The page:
According to a representative, YouTube’s Music and Premium services now have more than 80 million paying members combined, up a huge 30 million from the 50 million the firm disclosed in September of last year. This growth spurt has been astonishingly quick.

It’s a significant jump, especially for a platform where so much is available for free, and would seem to place YouTube, which already ranks as the top global music streaming service, as the third or fourth-largest paid music-streaming service in the world, behind Spotify, Apple Music, and China-only Tencent, although such rankings are always dotted with asterisks (such as whether or not free trials are included in the tally; YouTube includes them, which not all services do).

However, the development is impressive by any standard and coincides with an ongoing charm assault against artists and the music business.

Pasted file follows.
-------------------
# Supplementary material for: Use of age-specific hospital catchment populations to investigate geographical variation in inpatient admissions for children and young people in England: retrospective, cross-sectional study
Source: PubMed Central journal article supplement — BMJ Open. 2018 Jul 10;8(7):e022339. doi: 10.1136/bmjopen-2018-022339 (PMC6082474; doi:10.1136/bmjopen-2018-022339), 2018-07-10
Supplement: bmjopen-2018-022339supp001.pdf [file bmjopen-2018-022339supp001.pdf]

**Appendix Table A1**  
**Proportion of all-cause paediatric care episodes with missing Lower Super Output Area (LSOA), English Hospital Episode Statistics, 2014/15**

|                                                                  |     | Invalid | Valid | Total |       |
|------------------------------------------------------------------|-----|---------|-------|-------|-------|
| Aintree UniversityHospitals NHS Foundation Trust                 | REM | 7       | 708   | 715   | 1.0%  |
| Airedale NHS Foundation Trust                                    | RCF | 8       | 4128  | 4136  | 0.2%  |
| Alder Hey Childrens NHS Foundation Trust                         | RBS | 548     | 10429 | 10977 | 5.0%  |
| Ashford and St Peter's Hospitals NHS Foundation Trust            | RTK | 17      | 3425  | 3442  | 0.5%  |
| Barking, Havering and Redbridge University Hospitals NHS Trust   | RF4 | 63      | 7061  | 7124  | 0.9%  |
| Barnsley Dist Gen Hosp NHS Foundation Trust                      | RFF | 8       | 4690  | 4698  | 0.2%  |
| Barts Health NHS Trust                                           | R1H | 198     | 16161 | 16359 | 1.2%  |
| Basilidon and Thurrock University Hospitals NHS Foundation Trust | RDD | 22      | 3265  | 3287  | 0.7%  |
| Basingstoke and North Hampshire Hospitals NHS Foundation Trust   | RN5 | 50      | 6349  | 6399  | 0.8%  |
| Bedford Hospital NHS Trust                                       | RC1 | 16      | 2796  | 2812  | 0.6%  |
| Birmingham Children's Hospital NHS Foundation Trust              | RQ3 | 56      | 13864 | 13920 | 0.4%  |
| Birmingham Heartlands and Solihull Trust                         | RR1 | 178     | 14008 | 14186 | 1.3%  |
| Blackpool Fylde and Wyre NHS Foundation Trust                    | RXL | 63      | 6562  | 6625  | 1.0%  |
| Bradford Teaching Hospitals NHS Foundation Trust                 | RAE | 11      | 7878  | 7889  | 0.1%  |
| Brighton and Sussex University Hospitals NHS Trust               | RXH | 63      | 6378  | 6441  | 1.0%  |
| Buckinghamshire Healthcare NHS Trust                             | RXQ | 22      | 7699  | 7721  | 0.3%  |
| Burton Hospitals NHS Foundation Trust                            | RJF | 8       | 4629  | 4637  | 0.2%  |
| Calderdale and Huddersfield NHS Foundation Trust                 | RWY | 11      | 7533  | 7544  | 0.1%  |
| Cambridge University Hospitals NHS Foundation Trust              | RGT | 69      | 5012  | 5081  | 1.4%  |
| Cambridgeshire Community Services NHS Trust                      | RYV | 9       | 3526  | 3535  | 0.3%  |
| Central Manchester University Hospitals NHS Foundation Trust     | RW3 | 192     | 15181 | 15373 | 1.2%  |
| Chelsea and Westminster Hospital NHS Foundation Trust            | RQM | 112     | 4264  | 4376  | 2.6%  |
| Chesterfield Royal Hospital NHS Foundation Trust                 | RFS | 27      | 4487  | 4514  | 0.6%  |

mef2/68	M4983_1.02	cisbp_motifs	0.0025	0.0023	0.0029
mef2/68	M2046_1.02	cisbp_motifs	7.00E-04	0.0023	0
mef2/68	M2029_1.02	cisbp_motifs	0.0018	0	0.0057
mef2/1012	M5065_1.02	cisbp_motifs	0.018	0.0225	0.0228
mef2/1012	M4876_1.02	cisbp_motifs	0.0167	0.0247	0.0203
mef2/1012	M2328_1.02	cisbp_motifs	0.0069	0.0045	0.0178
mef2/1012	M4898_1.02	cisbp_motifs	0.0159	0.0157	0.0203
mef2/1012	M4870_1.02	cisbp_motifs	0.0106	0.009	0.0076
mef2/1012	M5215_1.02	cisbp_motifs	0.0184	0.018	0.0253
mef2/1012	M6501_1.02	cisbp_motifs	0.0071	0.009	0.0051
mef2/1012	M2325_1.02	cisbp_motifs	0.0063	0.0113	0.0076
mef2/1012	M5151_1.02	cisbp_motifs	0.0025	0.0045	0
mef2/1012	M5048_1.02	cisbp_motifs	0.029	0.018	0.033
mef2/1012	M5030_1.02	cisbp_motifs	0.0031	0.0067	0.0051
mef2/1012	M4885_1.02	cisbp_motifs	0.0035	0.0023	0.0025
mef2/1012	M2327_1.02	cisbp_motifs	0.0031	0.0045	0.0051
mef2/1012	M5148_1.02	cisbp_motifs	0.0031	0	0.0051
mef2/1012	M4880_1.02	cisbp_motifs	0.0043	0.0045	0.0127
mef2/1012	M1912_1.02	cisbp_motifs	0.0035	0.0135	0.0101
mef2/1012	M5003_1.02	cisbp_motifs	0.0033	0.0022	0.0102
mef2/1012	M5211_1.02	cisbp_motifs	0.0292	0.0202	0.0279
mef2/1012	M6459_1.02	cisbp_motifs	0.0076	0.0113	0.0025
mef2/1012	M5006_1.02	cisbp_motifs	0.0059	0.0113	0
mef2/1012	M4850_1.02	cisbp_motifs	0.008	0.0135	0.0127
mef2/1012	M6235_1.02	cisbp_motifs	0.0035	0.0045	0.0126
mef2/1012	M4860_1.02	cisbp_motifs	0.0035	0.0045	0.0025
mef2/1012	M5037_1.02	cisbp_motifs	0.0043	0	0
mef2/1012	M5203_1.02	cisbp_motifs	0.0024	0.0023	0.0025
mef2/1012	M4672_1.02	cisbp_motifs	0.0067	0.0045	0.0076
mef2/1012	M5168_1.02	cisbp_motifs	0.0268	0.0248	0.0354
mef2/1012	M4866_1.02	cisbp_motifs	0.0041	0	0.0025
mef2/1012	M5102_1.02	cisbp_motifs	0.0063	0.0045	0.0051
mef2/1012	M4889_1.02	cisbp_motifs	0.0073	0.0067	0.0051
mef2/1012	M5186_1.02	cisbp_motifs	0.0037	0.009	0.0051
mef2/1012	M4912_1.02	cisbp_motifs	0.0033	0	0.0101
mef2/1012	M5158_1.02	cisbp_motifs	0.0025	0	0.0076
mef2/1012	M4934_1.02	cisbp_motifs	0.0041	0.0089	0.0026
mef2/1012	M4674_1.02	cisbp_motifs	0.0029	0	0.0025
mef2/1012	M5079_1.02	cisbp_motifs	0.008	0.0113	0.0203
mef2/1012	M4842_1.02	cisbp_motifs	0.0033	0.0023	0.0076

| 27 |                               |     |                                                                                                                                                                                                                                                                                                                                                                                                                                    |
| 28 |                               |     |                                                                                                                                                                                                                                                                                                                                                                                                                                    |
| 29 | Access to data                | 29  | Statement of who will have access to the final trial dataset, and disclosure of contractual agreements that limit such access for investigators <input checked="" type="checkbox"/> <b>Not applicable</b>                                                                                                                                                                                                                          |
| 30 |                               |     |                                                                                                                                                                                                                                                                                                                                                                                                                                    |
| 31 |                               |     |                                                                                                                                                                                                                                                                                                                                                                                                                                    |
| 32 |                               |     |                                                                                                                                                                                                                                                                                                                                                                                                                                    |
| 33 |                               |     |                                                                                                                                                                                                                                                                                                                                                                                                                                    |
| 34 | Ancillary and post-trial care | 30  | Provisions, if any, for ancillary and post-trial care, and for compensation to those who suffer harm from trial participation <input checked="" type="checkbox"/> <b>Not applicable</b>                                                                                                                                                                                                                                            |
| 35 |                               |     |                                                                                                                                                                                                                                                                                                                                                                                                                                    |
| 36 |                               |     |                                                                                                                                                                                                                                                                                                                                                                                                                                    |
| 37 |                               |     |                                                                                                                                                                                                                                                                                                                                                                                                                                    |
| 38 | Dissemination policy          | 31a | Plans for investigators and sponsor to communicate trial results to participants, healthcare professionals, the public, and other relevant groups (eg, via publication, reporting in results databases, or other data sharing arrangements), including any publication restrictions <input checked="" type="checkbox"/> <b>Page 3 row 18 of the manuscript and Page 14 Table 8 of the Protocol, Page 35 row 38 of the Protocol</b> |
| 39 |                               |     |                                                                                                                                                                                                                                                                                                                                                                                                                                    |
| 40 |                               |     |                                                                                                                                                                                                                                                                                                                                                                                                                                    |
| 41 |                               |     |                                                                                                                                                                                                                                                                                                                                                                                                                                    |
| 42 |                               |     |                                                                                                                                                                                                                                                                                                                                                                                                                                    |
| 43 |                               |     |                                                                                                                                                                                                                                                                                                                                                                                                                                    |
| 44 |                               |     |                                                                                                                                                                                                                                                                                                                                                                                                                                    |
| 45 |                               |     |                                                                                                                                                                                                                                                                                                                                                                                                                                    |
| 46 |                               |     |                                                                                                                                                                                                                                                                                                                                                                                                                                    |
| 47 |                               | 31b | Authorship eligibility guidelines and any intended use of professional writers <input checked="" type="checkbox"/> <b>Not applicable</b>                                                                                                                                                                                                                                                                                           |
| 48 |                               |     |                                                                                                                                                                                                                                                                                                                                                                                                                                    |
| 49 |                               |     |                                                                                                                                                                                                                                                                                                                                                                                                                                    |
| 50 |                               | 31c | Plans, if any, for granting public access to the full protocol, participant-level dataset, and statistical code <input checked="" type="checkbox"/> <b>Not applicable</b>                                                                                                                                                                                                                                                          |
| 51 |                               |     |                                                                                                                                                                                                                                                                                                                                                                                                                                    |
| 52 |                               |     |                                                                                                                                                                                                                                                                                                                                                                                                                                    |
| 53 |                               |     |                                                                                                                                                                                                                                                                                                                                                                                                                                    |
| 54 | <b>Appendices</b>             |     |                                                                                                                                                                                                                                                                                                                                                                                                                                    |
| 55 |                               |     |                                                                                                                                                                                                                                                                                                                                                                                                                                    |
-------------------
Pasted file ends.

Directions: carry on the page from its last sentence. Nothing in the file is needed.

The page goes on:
After a few false starts, YouTube Music and Premium launched their subscription services in earnest in 2018, about 18 months after music chief Lyor Cohen joined the company. Cohen had previously held C-suite positions at Def Jam Records, Warner Music, and 300 Entertainment (which he co-founded and sold to Warner for an estimated $400 million in 2017). After years of tense interactions between YouTube and the music business over its relatively low royalty charges, that decision was made. Cohen’s occasionally infamously hostile temperament did not make things any better.